Maziar Bahari on Rosewater
From June through October 2009, Maziar Bahari was imprisoned by the Iranian government for 118 days. Bahari subsequently published a book about the ordeal, “Then They Came For Me.”
One of the charges brought against Bahari had to do with an appearance he had made on The Daily Show. While being interviewed by Jason Jones, they joke about being a spy. Not oddly, Jon Stewart, The Daily Show’s host decided to adapt Bahari’s book as his feature film directorial debut. The result is the brilliantly realized movie Rosewater, starring Gael Garcia Bernal as Bahari.
Speaking to Free Press Houston from Miami, Bahari mentions he is headed to Austin the following day to participate in Rosewater’s regional premiere, along with Stewart at the Austin Film Festival. Our conversation began with the part Iran plays in modern culture.
“I think Iran has been very important in modern culture and the American psyche for the past 35 years, since the revolution. Before that Iran had very good relations with the United States. I think that Iran and America have a lot in common and that’s one of the reasons I was put under pressure by the Iranian Revolutionary Guard was because I was quoted as saying that,” says Bahari.
Bahari, a Canadian Iranian journalist, was covering the 2009 elections in Iran for Newsweek. Bahari, born in Tehran, moved to Canada in his early twenties. In Iran his father had been imprisoned under the Shah and his sister had been imprisoned under the Khomeini regime. It was while Bahari was on assignment that The Daily Show segment was recorded. Bahari also recorded candid video of a post-election demonstration that was used in international news broadcasts.
“It was hard to get visas to travel to Iran since George Bush said Iran was part of the Axis of Evil in 2003. Then in 2009 the Iranian government gave visas to different media in order to cover the election,” explains Bahari regarding why there were so many Western news reporters in Tehran. While imprisoned, Bahari made televised confessions and signed documents under duress.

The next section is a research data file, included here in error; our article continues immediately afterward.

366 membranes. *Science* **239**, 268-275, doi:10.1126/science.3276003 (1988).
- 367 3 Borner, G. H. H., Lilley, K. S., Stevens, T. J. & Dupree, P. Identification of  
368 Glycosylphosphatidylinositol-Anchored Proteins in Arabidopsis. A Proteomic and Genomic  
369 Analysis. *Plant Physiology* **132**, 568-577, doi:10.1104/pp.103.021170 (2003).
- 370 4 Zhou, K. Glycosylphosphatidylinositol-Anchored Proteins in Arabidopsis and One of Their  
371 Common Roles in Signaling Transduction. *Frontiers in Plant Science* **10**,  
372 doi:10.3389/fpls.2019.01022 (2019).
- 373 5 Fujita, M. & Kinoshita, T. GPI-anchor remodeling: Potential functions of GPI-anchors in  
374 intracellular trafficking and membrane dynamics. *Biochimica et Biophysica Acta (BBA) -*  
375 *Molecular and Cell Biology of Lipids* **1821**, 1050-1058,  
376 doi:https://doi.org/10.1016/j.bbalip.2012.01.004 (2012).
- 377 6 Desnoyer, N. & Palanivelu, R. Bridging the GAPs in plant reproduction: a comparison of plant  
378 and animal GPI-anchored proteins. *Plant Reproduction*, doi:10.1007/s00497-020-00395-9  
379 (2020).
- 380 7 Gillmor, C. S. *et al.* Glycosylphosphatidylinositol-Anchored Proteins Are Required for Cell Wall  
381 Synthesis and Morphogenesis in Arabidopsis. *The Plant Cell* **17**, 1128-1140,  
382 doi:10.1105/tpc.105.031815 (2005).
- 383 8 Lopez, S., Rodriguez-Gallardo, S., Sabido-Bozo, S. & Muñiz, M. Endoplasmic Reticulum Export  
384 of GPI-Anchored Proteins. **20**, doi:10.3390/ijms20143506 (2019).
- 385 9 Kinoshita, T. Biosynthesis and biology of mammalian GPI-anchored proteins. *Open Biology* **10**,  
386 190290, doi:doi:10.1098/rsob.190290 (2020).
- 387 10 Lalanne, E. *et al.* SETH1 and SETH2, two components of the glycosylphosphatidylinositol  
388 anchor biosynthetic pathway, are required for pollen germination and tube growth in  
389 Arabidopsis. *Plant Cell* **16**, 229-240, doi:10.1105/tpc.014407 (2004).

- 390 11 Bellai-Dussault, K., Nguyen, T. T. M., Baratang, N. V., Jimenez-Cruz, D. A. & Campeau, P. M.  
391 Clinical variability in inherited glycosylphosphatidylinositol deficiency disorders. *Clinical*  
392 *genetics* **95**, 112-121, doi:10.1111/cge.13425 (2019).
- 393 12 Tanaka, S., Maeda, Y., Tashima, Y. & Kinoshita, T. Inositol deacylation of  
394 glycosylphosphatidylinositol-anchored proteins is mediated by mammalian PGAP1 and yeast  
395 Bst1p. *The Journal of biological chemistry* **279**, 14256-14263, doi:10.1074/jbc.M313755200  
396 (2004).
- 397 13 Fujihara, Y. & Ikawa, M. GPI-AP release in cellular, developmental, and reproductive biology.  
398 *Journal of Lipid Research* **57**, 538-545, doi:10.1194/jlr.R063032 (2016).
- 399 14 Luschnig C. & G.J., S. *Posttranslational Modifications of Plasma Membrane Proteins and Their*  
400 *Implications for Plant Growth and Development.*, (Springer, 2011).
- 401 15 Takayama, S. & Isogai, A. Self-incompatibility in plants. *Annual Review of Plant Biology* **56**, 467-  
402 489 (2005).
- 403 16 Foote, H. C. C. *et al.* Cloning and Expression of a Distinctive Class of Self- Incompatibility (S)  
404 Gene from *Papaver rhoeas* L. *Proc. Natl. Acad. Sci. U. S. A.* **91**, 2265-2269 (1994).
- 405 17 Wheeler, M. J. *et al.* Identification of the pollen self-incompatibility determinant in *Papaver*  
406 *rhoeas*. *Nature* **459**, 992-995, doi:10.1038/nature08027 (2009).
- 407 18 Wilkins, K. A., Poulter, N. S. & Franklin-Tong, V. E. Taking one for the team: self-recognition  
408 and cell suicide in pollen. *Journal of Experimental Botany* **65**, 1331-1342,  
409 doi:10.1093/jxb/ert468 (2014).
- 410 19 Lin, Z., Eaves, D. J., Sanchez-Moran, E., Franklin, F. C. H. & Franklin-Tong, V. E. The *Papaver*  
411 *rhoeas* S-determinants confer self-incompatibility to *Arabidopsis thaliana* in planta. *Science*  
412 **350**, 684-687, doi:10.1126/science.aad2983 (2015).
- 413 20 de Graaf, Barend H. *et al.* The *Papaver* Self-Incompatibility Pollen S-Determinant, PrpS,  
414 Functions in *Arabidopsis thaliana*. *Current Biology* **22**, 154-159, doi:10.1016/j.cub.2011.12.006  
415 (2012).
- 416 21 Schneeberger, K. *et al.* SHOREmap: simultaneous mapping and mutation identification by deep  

“I am vigilant. I don’t take their threats lightly. I cannot let them scare me outside of the Iranian border. To tell the truth the Iranian government has too much on it mind these days to think about me and what I’ve done,” says Bahari.
Bahari has also directed several documentaries, many of them focused on aspects of Iran. Bahari’s first film The Voyage of the Saint Louis, about a Jewish refugee boat during WWII, was the first film made by a Muslim about the Holocaust.
“I’ve made many films, mainly for British Broadcasting.” Bahari was on the set of Rosewater about 80-percent of the production time. “I had to go back to London for one week but otherwise I was on the set every day. Basically I was sitting next to the director, advising him on different details, making sure there were no major mistakes. Because of that I think that Rosewater is the most authentic film about Iran made in the West,” says Bahari.
Some of the footage seen in Rosewater was shot by a second unit team in Tehran and sent to the production surreptitiously. The majority of the film was shot in Jordan, with one day of shooting lensed in London.
As with any representation of the truth you have to imagine that Bahari’s ordeal was far worse that what is seen in Rosewater. “ Yes, there was more physical pressure on me than what is depicted in the film. What is presented in the film is what many journalists are going through in China, in Russia, in Egypt, in many countries around the world,” says Bahari.
“What you see in terms of ISIS beheading people, or physical torture – those are anomalies these days. Those are not sustainable methods of torture, or institutional methods of interrogation that are carried out by governments on a daily basis. What you see in the film are institutional methods of interrogation that governments in different parts of the world are carrying out every day,” says Bahari. “These are not methods that were created by the Iranian government. They learnt it from the British government; they learnt it from the American government; they learnt it from the Israeli government. These countries are doing the same thing to their own citizens or the citizens of other countries.”
The whole experience of Rosewater unfolds like a Kafkaesque nightmare. “When a regime institutionalizes torture and interrogation, and you have people whose job is to interrogate and torture, the whole concept looses its meaning. It becomes a form of entertainment; they are part of the daily habits of the government. As you said the situation becomes Kafkaesque. Sometimes I was thinking this is beyond Kafkaesque. It was as if someone had read Kafka and they didn’t think it was ridiculous enough or surreal enough. And they had to add a bit of Monty Python to the whole affair,” notes Bahari.
Rosewater opens locally this weekend at area theaters.
— Michael Bergeron